Well, I’ve managed to read three books since I last posted (and another couple hundred of The Anatomy of Melancholy) so I figure it’s about time for another catch-up. I’m still making my way through my list, and am about to break my way into the whopper that is Ducks, Newburyport, so it’s as good a time as any to catch up with my reviewing.
Two of the books – the latter two – came courtesy of NetGalley, and were offered in exchange for a review. I’m not sure they’ll be that impressed, but hey-ho, not everything’s a rave I guess.
The Quareia Apprentice Study Guide by Josephine McCarthy.
My rating: four stars
I’ve been interested in the esoteric for most of my life, and most of that interest has been from the armchair. The practicalities of working in that kind of sphere – something of a strange concept for one as agnostic as myself – have been something I’ve not really pursued. It’s been more of an armchair interest than anything else.
Enter Quareia. It’s a form of training that aims to provide the sort of information normally found either in expensive courses or dense grimoires. It’s put together by Josephine McCarthy, author of a variety of texts, and is all available for free. More importantly for me, a natural curmudgeon, it is designed around the idea of lone study – there is no requirement to find another collection of babygoths or mystically-inclined swingers to undertake the work.
While the Quareia course – essentially an esoteric course aiming to provide the tools with which one can work on oneself – exists in a series of beefy tomes (if you go the physical route), this slim book is perhaps best viewed as the patch notes for the endeavour. It contains things McCarthy has figured out post-publication, and offers helpful advice to the newbie.
Much of what’s included within is applicable to anything requiring dedication and practice: meditation, music, or sport, which ensures it’s potentially of interest to anyone with an interest in any of those fields. (And not just mystical wonks like myself.) McCarthy has a background in ballet training, and her approach is rigorous and brooks no bullshit. She makes it clear that doing the work – and not skipping ahead to the cool bits before you’ve mastered the pieces you don’t like – is crucial to the endeavour.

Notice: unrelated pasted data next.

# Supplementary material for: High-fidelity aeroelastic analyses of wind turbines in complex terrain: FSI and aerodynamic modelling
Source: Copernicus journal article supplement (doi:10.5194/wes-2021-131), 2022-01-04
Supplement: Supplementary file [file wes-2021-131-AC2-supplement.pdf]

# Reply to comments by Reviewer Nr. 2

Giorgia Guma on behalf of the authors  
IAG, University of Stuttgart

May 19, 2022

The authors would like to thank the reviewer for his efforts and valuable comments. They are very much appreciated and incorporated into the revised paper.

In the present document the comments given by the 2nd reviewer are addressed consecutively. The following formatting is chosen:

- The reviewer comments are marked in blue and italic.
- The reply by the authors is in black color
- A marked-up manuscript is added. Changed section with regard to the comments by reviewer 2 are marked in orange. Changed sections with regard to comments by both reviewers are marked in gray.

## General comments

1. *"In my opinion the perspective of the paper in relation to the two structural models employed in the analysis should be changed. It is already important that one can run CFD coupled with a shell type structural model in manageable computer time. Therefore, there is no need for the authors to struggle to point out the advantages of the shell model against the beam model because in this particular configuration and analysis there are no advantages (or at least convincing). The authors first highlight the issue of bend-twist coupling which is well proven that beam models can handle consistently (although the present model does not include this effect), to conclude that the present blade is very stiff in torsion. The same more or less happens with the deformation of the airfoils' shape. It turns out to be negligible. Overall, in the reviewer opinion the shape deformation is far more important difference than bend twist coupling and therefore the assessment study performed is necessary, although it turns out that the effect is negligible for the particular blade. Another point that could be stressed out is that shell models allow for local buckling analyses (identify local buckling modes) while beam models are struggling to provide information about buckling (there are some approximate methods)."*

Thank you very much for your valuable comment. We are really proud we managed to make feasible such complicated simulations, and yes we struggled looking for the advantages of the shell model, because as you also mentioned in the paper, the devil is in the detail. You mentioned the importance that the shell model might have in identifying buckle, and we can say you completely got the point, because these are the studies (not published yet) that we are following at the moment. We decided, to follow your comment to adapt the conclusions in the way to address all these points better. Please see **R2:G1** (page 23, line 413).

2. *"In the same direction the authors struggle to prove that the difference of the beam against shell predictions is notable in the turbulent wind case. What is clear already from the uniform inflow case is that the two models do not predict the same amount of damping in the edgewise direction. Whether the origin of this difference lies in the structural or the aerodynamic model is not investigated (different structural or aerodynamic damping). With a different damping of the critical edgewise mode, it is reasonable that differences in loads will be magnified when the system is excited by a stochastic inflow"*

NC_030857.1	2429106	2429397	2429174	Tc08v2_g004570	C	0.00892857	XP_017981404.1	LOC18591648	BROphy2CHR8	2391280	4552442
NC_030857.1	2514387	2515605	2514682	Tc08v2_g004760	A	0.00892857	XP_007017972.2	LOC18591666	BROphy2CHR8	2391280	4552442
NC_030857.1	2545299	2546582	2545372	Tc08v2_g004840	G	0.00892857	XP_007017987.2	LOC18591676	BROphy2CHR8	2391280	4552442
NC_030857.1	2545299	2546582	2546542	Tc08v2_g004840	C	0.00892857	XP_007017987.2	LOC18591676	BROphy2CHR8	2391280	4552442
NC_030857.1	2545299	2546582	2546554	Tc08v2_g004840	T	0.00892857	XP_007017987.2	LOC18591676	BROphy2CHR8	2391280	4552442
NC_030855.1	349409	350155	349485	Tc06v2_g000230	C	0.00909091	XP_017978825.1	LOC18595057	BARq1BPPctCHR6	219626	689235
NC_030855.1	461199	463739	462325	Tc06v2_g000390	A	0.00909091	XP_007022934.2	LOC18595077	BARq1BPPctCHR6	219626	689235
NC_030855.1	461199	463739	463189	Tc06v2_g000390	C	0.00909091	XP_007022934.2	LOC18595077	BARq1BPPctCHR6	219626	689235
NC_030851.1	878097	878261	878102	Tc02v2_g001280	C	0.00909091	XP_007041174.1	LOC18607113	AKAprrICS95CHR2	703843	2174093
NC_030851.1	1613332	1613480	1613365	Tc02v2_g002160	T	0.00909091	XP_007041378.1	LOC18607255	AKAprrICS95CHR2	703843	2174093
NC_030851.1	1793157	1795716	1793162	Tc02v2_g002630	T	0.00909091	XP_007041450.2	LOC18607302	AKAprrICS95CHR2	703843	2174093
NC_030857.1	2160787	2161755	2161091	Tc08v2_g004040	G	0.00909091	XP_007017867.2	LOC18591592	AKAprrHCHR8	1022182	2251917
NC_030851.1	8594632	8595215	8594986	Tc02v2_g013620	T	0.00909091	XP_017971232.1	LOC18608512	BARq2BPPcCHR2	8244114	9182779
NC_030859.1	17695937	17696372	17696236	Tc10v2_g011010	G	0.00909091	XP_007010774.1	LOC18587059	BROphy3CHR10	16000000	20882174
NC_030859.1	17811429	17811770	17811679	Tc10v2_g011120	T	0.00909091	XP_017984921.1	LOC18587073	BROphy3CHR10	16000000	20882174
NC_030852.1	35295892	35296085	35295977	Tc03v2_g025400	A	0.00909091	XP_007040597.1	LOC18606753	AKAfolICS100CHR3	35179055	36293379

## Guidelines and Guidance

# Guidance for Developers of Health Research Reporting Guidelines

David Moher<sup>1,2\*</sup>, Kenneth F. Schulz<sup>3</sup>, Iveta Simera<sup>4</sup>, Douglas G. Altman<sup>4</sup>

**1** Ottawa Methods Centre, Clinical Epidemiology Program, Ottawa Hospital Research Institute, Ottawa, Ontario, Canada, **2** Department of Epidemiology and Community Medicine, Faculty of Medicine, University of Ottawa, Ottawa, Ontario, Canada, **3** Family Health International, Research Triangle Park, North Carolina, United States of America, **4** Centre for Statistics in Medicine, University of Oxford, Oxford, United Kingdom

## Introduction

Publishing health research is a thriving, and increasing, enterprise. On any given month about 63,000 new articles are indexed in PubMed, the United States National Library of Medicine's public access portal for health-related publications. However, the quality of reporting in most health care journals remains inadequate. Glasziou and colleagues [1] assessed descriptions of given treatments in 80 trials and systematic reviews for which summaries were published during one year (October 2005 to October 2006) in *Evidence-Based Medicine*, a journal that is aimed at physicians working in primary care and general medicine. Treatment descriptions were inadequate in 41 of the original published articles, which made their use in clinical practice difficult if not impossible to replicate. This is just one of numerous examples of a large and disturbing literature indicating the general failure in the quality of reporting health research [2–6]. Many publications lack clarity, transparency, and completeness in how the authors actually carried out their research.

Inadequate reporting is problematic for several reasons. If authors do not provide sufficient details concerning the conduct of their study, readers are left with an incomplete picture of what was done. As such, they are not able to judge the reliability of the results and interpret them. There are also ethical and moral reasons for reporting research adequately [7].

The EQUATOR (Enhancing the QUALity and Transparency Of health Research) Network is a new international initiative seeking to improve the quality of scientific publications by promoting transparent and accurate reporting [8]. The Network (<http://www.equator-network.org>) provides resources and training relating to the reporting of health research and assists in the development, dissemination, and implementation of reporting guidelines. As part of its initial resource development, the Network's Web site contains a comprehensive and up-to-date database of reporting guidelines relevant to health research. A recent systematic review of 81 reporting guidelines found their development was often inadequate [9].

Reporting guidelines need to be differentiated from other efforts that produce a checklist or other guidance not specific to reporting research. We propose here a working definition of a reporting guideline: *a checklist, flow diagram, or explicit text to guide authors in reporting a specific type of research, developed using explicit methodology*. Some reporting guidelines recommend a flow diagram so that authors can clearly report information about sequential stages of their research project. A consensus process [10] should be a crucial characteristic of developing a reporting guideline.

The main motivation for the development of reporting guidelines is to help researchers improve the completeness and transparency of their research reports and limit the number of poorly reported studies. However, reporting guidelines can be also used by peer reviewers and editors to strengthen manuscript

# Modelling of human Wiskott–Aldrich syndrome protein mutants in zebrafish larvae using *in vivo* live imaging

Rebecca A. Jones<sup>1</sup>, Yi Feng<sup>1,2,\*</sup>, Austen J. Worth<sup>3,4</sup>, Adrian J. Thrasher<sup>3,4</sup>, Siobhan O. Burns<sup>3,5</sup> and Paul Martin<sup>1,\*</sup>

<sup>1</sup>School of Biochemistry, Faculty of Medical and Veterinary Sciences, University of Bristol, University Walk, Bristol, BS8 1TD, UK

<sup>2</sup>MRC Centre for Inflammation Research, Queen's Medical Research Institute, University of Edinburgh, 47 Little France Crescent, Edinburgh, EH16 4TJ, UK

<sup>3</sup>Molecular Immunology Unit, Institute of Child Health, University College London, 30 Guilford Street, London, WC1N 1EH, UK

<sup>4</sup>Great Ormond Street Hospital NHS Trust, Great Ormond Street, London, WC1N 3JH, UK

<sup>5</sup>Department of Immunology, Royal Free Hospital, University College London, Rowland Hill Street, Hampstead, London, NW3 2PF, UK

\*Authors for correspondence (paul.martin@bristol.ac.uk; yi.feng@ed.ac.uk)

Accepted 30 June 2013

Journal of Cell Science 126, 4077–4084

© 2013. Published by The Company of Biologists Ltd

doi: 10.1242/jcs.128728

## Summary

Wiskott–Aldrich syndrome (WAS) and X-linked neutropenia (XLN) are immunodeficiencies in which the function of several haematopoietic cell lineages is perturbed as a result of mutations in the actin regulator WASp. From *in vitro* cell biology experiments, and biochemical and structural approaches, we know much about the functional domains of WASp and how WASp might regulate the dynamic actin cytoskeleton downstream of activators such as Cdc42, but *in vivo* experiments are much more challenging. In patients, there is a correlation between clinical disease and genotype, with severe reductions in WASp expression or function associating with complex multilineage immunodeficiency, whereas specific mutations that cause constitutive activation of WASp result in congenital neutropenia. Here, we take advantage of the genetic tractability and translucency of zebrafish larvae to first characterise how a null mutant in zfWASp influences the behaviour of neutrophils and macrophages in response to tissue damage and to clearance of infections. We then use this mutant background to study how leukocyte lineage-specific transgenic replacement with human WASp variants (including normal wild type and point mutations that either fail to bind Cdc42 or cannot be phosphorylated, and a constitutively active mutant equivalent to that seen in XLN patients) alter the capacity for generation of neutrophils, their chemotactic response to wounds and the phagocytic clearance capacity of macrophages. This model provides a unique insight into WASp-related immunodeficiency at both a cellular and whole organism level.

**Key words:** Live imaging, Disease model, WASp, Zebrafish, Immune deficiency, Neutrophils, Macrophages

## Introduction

The author comes across as a bit of a hard taskmaster, but really it’s just the northern bluntness of shit-or-get-off-the-pot: either do the work or don’t, but don’t waste anybody’s time. It’s a reasonable stance, and I feel a bit more confident and informed after finishing the text.
Is there a chance it could all be a big wank? Sure. But I guess I’m only going to find out by diving in, so let’s see what happens.
(If you are interested in reading this book there is a copy available for free online.)
Andrei Bely was a noted Russian symbolist, so it’s probably unsurprising, given that movement’s penchant for mysticism and reexamining the everyday that The Symphonies is a dense, often cryptic work. It’s also probably unsurprising that – even though there’s a lot of very helpful footnotes throughout the text – this book is best consumed by people with a decent grasp of Russian culture and history from the time when Bely was writing.
The work is musical, as you would expect from the title. It collects four novellas – or Symphonies – and presents them, occasionally with prefaces, though these do not provide much of a guide to the terrain. The stories slide between the everyday and a sort of fairytale land, suggesting a semipermeable membrane between realities, with transitions between the two a distinct possibility. But nothing is certain: the giants galumphing about the place could be metaphors, or they could just be really fucking big dudes.